It's a fittingly peaceful end to a place that was testimony to a long and bloody conflict. The once-secret underground bunker of Marshal Tito, hidden beneath a rural house, is about to become a giant, bizarre art gallery.
The bunker is in the tiny country town of Konjic, 25 miles south of Sarajevo. In the second picture below, you can see a soldier standing outside the unassuming garage door entrance to the facility. The bunker is 920 feet underground, and is designed to house 350 people for six months in the event of an attack on what was then Yugoslavia.
Its long corridors are shaped like a giant U, and the 70,000 square-foot bunker is fitted out with bedrooms, generators, large food store rooms, a fresh water basin, air conditioning, and fuel tanks. It took 26 years for engineers to build it, in an effort that mirrors the magnitude of the NORAD facility in the United States, located under Cheyenne Mountain in Colorado. The engineers who built Tito's facility also built five more, for Saddam Hussein.
But Tito never had occasion to use the facility, and war didn't come to the region until a decade after he'd died. According to AP:
When [the Bosnian War] was over in 1995, the former republics were independent countries and Tito's bunker was a huge white elephant owned by Bosnia's armed forces, eager to hand it over to someone to get rid of the maintenance costs.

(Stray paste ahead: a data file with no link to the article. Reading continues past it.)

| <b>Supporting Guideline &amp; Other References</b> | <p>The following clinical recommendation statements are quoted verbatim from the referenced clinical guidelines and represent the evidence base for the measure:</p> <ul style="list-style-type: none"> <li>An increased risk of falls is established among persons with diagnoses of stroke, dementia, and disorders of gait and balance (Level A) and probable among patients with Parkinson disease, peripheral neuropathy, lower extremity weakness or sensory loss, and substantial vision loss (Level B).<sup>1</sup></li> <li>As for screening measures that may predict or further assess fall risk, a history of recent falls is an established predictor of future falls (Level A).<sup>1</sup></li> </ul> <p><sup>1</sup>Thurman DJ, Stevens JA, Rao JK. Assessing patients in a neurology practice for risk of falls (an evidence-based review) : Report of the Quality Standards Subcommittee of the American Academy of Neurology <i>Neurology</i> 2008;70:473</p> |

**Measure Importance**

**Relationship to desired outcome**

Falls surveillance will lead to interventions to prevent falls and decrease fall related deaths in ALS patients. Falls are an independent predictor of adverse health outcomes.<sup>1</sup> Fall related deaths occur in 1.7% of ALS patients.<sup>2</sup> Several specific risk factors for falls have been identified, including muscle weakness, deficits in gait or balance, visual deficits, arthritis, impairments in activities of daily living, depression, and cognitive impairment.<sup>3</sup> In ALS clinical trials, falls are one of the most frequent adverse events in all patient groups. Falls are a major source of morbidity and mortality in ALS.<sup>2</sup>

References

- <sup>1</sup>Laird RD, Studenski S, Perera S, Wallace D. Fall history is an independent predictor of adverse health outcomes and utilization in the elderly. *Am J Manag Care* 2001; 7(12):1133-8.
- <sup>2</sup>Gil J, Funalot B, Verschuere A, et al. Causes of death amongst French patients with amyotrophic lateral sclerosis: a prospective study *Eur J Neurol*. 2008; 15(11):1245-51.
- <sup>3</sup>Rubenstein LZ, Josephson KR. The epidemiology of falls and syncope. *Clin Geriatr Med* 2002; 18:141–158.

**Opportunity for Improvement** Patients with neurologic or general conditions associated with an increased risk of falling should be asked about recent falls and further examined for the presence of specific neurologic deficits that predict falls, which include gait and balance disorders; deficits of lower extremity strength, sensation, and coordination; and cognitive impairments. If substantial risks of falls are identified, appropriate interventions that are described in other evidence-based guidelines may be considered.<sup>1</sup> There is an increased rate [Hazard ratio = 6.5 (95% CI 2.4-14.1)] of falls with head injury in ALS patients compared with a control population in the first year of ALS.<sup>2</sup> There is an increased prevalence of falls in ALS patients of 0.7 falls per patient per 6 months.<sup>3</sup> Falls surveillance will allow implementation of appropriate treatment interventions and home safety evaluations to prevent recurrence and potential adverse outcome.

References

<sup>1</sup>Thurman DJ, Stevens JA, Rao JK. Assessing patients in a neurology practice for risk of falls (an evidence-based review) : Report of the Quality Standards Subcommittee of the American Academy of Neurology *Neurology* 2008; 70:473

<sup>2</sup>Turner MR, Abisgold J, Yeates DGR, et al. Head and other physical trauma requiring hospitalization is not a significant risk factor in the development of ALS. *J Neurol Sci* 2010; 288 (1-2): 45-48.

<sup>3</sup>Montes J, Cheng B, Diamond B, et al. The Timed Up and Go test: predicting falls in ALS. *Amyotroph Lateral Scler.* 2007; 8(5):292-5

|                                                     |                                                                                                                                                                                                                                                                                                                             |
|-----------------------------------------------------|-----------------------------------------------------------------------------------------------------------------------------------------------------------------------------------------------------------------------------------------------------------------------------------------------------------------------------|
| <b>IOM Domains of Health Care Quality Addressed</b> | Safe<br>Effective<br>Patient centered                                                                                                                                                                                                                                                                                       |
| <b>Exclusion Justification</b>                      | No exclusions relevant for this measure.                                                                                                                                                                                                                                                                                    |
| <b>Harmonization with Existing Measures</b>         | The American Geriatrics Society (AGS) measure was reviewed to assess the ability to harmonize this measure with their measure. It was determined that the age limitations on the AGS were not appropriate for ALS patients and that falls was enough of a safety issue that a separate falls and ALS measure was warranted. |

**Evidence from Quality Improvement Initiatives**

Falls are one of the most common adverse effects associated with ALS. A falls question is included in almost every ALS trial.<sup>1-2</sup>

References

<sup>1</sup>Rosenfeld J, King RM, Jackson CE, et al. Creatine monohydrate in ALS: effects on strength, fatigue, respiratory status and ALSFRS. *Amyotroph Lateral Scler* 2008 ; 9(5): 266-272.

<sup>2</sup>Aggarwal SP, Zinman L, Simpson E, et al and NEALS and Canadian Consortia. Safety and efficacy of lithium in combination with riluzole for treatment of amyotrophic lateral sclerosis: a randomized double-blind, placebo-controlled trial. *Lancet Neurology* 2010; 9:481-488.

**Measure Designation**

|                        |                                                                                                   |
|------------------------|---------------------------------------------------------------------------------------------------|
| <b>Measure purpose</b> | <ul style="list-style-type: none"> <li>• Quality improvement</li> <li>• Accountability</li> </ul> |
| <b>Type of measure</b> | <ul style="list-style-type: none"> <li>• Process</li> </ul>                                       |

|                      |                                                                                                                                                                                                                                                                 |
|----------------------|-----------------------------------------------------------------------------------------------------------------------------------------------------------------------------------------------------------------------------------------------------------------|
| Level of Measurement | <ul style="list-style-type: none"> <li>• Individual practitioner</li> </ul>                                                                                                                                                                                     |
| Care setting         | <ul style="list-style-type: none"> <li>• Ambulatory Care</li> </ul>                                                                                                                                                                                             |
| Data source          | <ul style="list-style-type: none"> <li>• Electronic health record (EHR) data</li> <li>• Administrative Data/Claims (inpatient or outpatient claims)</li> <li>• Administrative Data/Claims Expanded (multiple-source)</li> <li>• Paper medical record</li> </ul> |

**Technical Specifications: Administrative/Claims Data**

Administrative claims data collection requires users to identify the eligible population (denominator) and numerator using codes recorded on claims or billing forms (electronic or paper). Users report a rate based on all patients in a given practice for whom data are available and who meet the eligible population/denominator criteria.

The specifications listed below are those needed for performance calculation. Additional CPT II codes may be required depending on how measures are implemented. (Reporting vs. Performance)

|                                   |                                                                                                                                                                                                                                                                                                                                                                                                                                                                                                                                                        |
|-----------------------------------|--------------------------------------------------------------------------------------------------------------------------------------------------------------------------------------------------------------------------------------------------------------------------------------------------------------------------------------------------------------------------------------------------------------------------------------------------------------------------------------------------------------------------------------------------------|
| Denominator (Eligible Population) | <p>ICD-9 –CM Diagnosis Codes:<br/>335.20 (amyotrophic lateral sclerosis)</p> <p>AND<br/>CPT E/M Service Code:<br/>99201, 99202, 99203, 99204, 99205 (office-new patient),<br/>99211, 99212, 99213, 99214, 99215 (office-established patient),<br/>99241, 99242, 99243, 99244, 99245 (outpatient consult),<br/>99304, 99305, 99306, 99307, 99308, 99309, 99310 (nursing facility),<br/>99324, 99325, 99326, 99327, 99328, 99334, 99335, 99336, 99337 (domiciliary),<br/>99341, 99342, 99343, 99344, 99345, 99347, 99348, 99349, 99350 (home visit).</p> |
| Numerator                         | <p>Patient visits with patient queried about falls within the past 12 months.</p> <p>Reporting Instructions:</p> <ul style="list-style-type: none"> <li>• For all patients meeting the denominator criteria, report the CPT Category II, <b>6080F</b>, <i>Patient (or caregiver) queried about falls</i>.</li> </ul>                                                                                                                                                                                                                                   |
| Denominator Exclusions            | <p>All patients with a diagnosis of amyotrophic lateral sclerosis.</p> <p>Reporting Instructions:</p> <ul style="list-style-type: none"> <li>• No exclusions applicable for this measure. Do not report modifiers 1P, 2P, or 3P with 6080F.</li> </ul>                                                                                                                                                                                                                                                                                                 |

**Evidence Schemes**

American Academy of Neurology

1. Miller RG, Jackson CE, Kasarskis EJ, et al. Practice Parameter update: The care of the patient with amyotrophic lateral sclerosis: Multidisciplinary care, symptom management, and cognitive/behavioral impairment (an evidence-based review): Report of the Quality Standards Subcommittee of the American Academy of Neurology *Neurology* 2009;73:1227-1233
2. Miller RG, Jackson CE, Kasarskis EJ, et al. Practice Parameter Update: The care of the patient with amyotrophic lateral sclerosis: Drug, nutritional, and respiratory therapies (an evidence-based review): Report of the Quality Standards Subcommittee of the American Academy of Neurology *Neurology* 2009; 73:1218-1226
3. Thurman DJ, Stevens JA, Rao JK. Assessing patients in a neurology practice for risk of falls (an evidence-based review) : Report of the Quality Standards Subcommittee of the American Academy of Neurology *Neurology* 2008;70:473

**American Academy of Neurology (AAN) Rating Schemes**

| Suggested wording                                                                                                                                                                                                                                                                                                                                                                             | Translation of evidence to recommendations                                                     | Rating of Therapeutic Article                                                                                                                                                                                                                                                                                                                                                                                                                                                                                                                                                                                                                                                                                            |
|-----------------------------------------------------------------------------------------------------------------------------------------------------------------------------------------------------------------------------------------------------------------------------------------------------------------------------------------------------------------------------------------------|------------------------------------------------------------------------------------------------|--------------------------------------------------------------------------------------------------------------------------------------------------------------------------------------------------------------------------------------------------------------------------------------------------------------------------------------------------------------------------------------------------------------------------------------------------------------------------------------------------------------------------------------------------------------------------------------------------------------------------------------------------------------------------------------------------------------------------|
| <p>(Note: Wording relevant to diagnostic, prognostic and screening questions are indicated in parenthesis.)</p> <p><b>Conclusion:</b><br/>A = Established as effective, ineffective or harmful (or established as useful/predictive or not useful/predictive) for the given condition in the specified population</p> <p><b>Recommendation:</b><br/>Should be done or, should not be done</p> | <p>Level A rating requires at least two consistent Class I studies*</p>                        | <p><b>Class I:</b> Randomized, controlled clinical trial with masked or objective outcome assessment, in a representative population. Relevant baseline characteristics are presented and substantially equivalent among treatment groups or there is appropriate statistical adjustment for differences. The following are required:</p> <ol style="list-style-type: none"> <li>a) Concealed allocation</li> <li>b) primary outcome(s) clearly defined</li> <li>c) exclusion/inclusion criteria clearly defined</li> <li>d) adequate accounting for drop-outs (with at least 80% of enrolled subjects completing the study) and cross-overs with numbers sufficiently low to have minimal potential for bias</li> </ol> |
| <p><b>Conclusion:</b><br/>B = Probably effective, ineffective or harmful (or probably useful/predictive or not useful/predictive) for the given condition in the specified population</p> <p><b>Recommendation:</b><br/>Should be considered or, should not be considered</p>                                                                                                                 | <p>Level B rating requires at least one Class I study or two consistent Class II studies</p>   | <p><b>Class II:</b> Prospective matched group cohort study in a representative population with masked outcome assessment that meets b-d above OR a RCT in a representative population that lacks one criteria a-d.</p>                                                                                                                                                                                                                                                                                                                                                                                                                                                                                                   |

Enter Edo Hozic and other artists from Sarajevo, who in 2007 had the wild idea to transform the bunker into a gallery. They knew the Army found no use for it and authorities in Konjic had no idea what to do with it "except perhaps to grow mushroom in it," he said.
Artists are to visit the bunker throughout the year, come up with concepts and costs and present them to the Council of Europe. The opening is scheduled for May 27 and if there is enough interest, it may become a permanent gallery.
via AP News
AP Photos by Amel Emric and Sava Radovanovic